Sunday, January 16, 2011

Getting past "can't"

The always-intriguing Joe Hoyle blogs today about students -- and teachers -- who claim they just can't succeed in their classes.  To the student who says, "No matter what I do, I can't seem to get an A in that course," and the instructor who says, "No matter what I do, I just can't get those students to learn the material," Joe says: What if you were offered $10 million if you did what you just said you couldn't do?

In that case, I believe we'll all agree, the student who find a way to get an A, and the instructor would find a way to reach those unreachable students.  Which reveals, Joe says, that it's not a problem of ability, but a problem of motivation.  What these people are saying is really "I can't succeed within the parameters of what I am willing to do."

For some weeks now I've been bothered by a few memories from my crafting class -- memories that fit into a pattern I frequently witness among other friends and on social networks.  "Oh, I just don't get knitting charts."  "I could never make socks."  "Lace (or cables or colorwork or whatever) is beyond me."

It's simply not true.  These are smart people.  They learned to manipulate complex symbol systems as children.  They have aced organic chemistry, raised children, served souffles, become fluent in Japanese, filled out IRS forms.  I think they believe themselves when they say they can't do it.  But it's shorthand for some far more complicated statement.  "I consider myself a beginner, and that is an advanced skill.""I'm not willing to make the effort to figure out a chart when I can muddle through with written directions and get the same result."  "I can't picture the process of doing this, so I prefer to believe it's utterly mysterious."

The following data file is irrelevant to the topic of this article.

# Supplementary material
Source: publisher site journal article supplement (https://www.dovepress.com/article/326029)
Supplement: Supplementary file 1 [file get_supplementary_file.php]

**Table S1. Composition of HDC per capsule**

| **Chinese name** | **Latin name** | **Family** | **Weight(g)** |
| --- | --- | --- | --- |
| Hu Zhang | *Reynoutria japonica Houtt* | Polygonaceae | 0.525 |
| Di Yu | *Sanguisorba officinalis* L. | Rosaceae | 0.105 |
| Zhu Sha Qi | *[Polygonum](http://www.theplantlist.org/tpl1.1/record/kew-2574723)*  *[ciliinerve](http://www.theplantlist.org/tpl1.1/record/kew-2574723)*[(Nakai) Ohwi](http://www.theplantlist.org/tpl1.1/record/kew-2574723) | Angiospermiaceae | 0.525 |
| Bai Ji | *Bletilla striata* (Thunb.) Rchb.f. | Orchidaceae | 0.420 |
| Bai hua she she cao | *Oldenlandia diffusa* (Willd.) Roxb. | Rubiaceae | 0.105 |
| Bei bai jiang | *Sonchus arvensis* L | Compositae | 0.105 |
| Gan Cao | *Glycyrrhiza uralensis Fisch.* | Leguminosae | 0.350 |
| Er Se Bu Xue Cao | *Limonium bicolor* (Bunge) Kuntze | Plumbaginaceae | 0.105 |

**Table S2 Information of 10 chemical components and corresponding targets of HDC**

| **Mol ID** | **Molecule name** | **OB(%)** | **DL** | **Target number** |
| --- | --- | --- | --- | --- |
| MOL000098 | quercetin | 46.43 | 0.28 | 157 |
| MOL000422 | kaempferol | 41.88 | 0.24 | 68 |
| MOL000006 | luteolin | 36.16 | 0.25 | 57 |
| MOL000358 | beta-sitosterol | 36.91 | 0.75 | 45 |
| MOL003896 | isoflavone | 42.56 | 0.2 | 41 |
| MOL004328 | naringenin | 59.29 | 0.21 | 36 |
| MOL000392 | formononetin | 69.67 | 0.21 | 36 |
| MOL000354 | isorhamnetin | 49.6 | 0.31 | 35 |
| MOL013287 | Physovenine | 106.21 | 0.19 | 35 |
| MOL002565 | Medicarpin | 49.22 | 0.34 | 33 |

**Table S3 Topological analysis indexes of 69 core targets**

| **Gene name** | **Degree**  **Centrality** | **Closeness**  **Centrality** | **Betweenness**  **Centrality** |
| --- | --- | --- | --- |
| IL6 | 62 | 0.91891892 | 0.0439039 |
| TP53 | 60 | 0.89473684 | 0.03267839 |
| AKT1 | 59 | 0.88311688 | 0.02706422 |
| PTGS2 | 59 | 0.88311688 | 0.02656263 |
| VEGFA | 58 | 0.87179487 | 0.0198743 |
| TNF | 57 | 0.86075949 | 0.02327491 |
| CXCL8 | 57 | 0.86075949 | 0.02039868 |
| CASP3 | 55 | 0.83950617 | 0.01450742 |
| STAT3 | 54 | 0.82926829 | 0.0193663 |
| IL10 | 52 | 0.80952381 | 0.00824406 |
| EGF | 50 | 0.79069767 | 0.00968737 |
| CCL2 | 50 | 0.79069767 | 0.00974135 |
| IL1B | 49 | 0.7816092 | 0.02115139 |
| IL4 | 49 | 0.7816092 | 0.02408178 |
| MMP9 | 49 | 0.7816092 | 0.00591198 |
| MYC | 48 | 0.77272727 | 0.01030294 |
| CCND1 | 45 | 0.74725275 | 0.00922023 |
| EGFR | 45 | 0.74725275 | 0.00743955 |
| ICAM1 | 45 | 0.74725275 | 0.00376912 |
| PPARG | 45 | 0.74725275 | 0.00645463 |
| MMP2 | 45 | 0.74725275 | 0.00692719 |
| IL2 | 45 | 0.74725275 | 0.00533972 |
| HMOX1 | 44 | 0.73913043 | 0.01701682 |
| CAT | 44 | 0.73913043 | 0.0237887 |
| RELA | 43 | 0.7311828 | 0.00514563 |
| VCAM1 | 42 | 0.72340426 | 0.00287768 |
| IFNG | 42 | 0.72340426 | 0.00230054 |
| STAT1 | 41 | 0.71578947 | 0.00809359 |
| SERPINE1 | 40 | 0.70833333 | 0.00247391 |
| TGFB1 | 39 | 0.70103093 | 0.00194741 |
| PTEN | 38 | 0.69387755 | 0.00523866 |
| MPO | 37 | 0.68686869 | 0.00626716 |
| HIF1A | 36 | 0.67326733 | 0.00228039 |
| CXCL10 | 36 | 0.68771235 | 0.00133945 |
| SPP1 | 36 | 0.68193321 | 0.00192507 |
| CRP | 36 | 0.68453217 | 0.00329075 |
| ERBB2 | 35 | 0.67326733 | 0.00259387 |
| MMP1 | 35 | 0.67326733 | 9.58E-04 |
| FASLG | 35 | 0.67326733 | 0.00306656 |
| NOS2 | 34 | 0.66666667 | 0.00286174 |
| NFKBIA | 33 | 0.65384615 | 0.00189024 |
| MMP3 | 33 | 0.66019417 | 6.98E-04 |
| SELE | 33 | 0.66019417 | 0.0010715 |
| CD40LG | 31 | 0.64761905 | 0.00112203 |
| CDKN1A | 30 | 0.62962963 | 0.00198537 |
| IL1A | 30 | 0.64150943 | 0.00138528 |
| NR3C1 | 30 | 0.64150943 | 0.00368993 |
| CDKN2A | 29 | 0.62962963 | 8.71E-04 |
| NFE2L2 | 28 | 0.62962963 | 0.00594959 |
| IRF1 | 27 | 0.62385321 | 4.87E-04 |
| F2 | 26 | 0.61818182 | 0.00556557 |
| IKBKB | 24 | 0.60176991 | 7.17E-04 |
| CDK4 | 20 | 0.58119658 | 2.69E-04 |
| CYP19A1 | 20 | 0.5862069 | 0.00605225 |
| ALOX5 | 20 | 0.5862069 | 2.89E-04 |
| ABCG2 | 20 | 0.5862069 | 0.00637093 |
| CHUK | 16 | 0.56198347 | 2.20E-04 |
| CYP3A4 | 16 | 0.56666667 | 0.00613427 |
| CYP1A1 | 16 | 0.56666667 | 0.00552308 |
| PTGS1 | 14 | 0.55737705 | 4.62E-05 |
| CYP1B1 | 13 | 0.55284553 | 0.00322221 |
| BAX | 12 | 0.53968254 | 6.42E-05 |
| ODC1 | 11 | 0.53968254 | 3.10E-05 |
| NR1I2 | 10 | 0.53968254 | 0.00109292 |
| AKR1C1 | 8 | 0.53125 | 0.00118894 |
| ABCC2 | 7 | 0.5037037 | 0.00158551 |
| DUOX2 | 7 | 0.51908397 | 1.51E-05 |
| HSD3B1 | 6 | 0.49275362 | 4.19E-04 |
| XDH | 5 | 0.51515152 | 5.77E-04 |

If they really wanted to, of course they could do whatever is under discussion.  Their excuses or self-deprecation all come down to this: "My desire is not strong enough to overcome my inertia."

Putting it that way might just shock somebody into hearing their excuses for what they are.  I'm in favor of being honest with yourself, always, and I think what bothers me when I hear people say things like this is that they are not being honest with themselves.  If they are happy with their skills the way they are, say so.  But if they contend that acquiring new capacities as a student, teacher, or maker is something they actually want to do, then they shouldn't pretend that some immovable object -- their own inadequacy or the impenetrability of the task -- is blocking their way.

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